What’s your password, again?

Sorry about being gone so long, but I’d taken ill and was even in the hospital for a few days as a result.  Not fun.  I’d go into detail, but that’s not the purpose of this blog.  I’m still recovering, so I might not yet be ready for daily posting, but I’ll work on it.

I read a study about password reuse between sites.  This is where users will use the same credentials to log on to multiple sites.  I know that it’s relatively common among my clients and other people I know.  The fact is, it’s just plain easier to use the same user name and password for every site.  That way you don’t have to remember what you used for individual sites.

The danger is if one of these sites is hacked and the user database is released into the wild.  In the study above, they used the databases from gawker.com and rootkit.com to come up with their comparison.  These databases had been hacked and published for anyone to download.  Security researchers have taken the opportunity to study them for things like password reuse and the use of easy to determine passwords.

Now, if security researchers can find out passwords that were used (and which ones were reused), bad people could determine this same information and try to see what other sites can be accessed with the same credentials.  Imagine having your e-mail account used to send out an enormous quantity of spam.  Imagine your Amazon account used to buy several items.  Imagine money being transferred from your bank or brokerage account.  All this because you took the easy way out and used the same credentials to log in everywhere.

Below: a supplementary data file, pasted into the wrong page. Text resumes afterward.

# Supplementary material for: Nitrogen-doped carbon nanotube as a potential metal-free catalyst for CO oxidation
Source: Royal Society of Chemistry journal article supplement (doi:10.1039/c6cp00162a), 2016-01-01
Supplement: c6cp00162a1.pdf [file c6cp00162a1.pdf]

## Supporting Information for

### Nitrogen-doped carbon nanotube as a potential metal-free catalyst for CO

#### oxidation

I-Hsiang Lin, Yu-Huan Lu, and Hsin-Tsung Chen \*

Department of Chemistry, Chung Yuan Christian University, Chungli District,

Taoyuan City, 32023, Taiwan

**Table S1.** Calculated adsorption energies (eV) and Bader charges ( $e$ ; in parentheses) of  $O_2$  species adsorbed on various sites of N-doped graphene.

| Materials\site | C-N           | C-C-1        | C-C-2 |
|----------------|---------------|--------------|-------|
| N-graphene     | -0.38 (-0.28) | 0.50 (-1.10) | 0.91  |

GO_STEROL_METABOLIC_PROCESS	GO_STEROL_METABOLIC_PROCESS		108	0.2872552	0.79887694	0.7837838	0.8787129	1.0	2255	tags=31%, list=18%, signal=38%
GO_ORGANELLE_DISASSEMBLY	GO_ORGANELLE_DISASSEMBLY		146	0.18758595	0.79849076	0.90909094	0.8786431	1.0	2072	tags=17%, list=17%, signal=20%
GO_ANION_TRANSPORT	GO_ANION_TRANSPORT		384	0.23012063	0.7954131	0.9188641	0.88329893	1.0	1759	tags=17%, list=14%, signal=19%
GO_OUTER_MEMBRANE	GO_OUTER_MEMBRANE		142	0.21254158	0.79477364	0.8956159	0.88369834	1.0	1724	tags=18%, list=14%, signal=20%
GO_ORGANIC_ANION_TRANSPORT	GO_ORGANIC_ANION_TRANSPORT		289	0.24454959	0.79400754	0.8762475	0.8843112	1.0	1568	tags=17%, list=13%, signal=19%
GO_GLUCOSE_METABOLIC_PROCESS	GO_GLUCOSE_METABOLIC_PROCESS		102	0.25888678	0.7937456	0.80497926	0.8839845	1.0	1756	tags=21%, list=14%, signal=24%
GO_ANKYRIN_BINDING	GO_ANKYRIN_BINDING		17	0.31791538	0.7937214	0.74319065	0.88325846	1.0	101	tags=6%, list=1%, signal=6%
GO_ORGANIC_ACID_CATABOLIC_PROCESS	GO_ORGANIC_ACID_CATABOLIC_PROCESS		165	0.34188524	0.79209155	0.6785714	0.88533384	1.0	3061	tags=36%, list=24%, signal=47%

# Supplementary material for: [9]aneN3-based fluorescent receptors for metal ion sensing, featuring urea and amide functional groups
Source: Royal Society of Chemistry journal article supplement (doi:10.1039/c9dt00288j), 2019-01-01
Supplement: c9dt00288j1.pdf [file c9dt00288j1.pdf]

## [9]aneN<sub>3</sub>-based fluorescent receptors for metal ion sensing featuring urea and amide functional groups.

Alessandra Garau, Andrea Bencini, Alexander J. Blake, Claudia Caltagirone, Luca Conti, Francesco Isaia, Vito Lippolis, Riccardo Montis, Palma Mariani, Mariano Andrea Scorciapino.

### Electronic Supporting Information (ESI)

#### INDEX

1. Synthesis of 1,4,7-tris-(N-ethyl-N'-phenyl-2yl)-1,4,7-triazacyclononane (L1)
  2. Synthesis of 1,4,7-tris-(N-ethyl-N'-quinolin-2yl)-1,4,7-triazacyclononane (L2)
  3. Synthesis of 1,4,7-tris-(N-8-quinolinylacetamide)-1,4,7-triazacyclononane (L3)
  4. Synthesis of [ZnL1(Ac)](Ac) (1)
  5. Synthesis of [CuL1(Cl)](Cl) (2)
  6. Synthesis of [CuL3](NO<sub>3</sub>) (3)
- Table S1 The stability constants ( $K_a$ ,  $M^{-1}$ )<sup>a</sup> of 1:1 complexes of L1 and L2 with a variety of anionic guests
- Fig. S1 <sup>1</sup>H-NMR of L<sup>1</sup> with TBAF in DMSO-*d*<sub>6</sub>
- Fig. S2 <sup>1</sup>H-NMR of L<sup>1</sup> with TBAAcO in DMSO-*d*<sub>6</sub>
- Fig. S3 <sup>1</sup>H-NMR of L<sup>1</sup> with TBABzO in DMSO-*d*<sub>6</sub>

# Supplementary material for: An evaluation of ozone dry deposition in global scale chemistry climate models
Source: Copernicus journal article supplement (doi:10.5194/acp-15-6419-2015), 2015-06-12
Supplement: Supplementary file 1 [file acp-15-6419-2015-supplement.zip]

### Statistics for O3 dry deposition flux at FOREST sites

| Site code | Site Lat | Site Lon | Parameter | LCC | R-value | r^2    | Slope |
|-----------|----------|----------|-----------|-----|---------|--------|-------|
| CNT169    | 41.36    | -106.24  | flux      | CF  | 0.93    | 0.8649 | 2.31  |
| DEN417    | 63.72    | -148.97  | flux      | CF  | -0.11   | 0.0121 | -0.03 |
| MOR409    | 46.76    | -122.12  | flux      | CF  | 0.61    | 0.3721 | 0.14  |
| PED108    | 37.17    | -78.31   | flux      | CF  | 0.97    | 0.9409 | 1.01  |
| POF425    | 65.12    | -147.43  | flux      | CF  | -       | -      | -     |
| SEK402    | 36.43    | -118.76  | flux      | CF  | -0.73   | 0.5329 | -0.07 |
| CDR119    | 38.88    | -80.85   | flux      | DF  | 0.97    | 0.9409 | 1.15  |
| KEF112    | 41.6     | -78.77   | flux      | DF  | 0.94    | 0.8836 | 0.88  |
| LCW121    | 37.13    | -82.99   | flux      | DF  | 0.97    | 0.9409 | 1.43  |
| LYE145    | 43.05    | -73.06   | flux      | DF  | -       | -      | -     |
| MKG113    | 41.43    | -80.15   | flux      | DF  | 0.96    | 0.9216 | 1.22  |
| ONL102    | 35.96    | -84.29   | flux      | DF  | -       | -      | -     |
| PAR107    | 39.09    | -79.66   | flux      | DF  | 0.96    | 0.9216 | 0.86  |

At the very least, you should be using very unique and complex passwords at financial institutions.  You should also use unique credentials at online merchants.  Forums and the like?  Probably less important so long as you don’t use the same credentials as your bank or an online merchant.

As for making passwords unique yet still easy to manage, there are many software titles out there to help manage passwords.  You could use the old standby of writing things down (just be careful as to who may have access to this).  Another common tactic is to have a base password that you add unique information for each site.  With this method, you only have to remember the one complex password and possibly the order in which you add the additional unique details.  You could even write this down without revealing your base password and not have to worry as much about someone getting a hold of this.

I strongly urge you to consider what your passwords are and where they are used.  It’s always a horrific call when I have to help a client fix this after the fact.

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